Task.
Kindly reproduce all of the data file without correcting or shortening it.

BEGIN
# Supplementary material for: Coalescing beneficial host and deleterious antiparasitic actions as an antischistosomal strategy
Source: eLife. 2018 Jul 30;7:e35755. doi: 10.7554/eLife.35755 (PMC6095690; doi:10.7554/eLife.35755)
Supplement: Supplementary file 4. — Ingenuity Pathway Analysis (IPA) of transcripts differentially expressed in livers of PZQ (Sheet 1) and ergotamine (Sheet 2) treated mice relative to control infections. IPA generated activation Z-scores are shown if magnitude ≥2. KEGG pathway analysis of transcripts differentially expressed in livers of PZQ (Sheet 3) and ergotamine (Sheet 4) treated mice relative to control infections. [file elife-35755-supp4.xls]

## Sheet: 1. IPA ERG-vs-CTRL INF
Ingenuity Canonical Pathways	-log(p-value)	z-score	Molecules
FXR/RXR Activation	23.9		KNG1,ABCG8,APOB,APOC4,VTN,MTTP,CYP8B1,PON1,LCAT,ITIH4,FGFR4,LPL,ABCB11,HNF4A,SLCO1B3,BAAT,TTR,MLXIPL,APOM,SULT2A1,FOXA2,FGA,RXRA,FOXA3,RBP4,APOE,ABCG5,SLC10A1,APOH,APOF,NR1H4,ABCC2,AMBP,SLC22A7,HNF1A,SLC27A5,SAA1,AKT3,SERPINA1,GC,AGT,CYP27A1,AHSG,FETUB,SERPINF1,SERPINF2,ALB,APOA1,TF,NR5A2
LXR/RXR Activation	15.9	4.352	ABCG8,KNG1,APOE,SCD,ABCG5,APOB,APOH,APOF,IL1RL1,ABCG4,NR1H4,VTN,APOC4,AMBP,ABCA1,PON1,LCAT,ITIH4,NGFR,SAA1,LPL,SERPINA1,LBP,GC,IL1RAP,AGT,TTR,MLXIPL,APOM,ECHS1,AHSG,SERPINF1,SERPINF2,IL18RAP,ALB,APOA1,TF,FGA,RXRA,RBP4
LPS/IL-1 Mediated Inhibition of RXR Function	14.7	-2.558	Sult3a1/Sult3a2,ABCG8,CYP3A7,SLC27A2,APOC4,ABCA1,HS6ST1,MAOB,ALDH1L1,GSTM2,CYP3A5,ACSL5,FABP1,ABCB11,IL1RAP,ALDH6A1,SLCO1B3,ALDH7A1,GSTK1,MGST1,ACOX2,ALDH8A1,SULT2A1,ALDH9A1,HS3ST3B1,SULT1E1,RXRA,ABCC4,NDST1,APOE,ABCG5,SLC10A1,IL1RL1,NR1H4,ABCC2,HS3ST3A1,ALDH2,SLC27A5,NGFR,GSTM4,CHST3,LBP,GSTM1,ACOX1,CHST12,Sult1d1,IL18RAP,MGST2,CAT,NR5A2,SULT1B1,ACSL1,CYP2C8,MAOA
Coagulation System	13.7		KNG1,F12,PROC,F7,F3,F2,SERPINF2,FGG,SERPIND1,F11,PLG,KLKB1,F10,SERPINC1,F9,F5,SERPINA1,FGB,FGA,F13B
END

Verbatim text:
# Supplementary material for: Coalescing beneficial host and deleterious antiparasitic actions as an antischistosomal strategy
Source: eLife. 2018 Jul 30;7:e35755. doi: 10.7554/eLife.35755 (PMC6095690; doi:10.7554/eLife.35755)
Supplement: Supplementary file 4. — Ingenuity Pathway Analysis (IPA) of transcripts differentially expressed in livers of PZQ (Sheet 1) and ergotamine (Sheet 2) treated mice relative to control infections. IPA generated activation Z-scores are shown if magnitude ≥2. KEGG pathway analysis of transcripts differentially expressed in livers of PZQ (Sheet 3) and ergotamine (Sheet 4) treated mice relative to control infections. [file elife-35755-supp4.xls]

## Sheet: 1. IPA ERG-vs-CTRL INF
Ingenuity Canonical Pathways	-log(p-value)	z-score	Molecules
FXR/RXR Activation	23.9		KNG1,ABCG8,APOB,APOC4,VTN,MTTP,CYP8B1,PON1,LCAT,ITIH4,FGFR4,LPL,ABCB11,HNF4A,SLCO1B3,BAAT,TTR,MLXIPL,APOM,SULT2A1,FOXA2,FGA,RXRA,FOXA3,RBP4,APOE,ABCG5,SLC10A1,APOH,APOF,NR1H4,ABCC2,AMBP,SLC22A7,HNF1A,SLC27A5,SAA1,AKT3,SERPINA1,GC,AGT,CYP27A1,AHSG,FETUB,SERPINF1,SERPINF2,ALB,APOA1,TF,NR5A2
LXR/RXR Activation	15.9	4.352	ABCG8,KNG1,APOE,SCD,ABCG5,APOB,APOH,APOF,IL1RL1,ABCG4,NR1H4,VTN,APOC4,AMBP,ABCA1,PON1,LCAT,ITIH4,NGFR,SAA1,LPL,SERPINA1,LBP,GC,IL1RAP,AGT,TTR,MLXIPL,APOM,ECHS1,AHSG,SERPINF1,SERPINF2,IL18RAP,ALB,APOA1,TF,FGA,RXRA,RBP4
LPS/IL-1 Mediated Inhibition of RXR Function	14.7	-2.558	Sult3a1/Sult3a2,ABCG8,CYP3A7,SLC27A2,APOC4,ABCA1,HS6ST1,MAOB,ALDH1L1,GSTM2,CYP3A5,ACSL5,FABP1,ABCB11,IL1RAP,ALDH6A1,SLCO1B3,ALDH7A1,GSTK1,MGST1,ACOX2,ALDH8A1,SULT2A1,ALDH9A1,HS3ST3B1,SULT1E1,RXRA,ABCC4,NDST1,APOE,ABCG5,SLC10A1,IL1RL1,NR1H4,ABCC2,HS3ST3A1,ALDH2,SLC27A5,NGFR,GSTM4,CHST3,LBP,GSTM1,ACOX1,CHST12,Sult1d1,IL18RAP,MGST2,CAT,NR5A2,SULT1B1,ACSL1,CYP2C8,MAOA
Coagulation System	13.7		KNG1,F12,PROC,F7,F3,F2,SERPINF2,FGG,SERPIND1,F11,PLG,KLKB1,F10,SERPINC1,F9,F5,SERPINA1,FGB,FGA,F13B